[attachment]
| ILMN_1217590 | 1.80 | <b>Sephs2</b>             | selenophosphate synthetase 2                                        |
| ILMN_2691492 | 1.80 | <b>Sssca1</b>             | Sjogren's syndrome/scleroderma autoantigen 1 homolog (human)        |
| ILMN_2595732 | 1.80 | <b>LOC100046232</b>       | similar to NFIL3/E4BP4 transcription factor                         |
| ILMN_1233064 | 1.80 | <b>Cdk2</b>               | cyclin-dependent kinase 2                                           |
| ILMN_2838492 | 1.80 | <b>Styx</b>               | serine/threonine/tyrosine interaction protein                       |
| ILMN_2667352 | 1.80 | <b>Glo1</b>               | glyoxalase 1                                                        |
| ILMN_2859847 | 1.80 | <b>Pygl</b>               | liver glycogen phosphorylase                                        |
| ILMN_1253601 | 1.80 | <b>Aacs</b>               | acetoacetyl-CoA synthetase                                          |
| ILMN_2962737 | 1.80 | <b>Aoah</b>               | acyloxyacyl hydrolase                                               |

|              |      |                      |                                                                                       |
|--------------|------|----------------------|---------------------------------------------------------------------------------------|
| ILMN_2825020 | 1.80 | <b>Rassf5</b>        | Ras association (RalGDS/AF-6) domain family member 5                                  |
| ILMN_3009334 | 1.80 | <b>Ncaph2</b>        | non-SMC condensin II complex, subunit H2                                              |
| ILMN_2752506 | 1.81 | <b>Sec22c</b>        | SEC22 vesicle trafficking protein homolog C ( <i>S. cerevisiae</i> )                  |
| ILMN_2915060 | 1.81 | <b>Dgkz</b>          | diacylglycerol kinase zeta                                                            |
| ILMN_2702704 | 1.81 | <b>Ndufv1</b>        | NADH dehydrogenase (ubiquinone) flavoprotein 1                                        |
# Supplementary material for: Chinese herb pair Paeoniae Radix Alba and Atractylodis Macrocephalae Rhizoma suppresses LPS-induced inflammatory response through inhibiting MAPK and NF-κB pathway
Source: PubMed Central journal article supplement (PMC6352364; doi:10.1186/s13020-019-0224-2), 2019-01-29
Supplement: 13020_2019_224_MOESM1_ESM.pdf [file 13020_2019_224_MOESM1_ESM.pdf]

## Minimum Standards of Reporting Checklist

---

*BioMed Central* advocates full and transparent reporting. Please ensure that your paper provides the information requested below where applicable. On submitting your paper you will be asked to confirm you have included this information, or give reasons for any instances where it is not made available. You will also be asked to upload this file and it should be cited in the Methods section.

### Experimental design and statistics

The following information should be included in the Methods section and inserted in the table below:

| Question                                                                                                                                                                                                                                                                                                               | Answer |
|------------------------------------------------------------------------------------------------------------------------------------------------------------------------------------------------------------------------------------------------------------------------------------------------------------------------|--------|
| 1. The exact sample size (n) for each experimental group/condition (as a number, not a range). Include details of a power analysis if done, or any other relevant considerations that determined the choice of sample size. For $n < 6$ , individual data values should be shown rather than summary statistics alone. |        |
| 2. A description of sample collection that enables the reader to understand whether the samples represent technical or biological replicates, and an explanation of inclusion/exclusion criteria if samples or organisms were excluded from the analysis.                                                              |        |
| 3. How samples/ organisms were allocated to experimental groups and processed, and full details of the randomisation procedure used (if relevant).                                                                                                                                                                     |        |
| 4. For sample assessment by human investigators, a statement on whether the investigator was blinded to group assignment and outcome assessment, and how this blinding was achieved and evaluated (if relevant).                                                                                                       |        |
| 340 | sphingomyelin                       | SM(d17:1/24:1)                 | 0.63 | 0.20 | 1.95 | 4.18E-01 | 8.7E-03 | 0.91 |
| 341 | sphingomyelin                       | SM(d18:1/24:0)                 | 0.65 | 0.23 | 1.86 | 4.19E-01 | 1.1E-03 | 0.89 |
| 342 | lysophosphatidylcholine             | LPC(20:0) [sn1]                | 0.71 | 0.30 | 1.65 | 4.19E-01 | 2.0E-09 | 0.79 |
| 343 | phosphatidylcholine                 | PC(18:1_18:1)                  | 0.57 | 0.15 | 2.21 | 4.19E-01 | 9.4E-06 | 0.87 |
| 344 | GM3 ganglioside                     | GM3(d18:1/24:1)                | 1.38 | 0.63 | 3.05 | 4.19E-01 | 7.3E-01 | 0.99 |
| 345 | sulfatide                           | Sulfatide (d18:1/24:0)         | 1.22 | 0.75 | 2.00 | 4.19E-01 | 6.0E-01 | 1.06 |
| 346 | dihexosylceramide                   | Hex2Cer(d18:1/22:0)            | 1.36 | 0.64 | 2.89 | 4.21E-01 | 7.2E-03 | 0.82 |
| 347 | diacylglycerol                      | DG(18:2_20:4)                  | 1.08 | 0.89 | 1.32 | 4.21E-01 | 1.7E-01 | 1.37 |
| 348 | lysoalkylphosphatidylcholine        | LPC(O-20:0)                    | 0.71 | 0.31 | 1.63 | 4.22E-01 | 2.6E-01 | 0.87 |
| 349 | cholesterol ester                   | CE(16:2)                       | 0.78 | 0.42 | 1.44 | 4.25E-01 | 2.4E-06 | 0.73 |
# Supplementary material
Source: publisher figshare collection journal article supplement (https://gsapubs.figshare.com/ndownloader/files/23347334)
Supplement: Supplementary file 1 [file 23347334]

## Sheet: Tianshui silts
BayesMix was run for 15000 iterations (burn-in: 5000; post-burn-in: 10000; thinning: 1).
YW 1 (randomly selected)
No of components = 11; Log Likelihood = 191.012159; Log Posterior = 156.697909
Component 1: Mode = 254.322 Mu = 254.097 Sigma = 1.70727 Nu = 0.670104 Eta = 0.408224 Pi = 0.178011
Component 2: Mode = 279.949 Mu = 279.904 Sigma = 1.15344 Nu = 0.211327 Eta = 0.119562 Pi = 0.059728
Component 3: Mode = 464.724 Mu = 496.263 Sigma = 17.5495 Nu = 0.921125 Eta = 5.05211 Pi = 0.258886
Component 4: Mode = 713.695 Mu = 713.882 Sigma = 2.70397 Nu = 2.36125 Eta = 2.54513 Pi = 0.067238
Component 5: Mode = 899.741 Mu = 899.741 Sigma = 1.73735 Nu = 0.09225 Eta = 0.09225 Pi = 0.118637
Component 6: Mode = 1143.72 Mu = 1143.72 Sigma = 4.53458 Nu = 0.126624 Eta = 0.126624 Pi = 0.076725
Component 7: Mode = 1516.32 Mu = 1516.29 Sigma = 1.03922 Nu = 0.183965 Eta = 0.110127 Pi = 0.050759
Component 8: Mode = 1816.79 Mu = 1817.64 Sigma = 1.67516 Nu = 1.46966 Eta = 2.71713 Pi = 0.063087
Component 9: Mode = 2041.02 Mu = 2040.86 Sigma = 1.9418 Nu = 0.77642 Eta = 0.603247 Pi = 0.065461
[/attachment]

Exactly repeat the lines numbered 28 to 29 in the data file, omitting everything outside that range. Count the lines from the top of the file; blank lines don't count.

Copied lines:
| 2. A description of sample collection that enables the reader to understand whether the samples represent technical or biological replicates, and an explanation of inclusion/exclusion criteria if samples or organisms were excluded from the analysis.                                                              |        |
| 3. How samples/ organisms were allocated to experimental groups and processed, and full details of the randomisation procedure used (if relevant).                                                                                                                                                                     |        |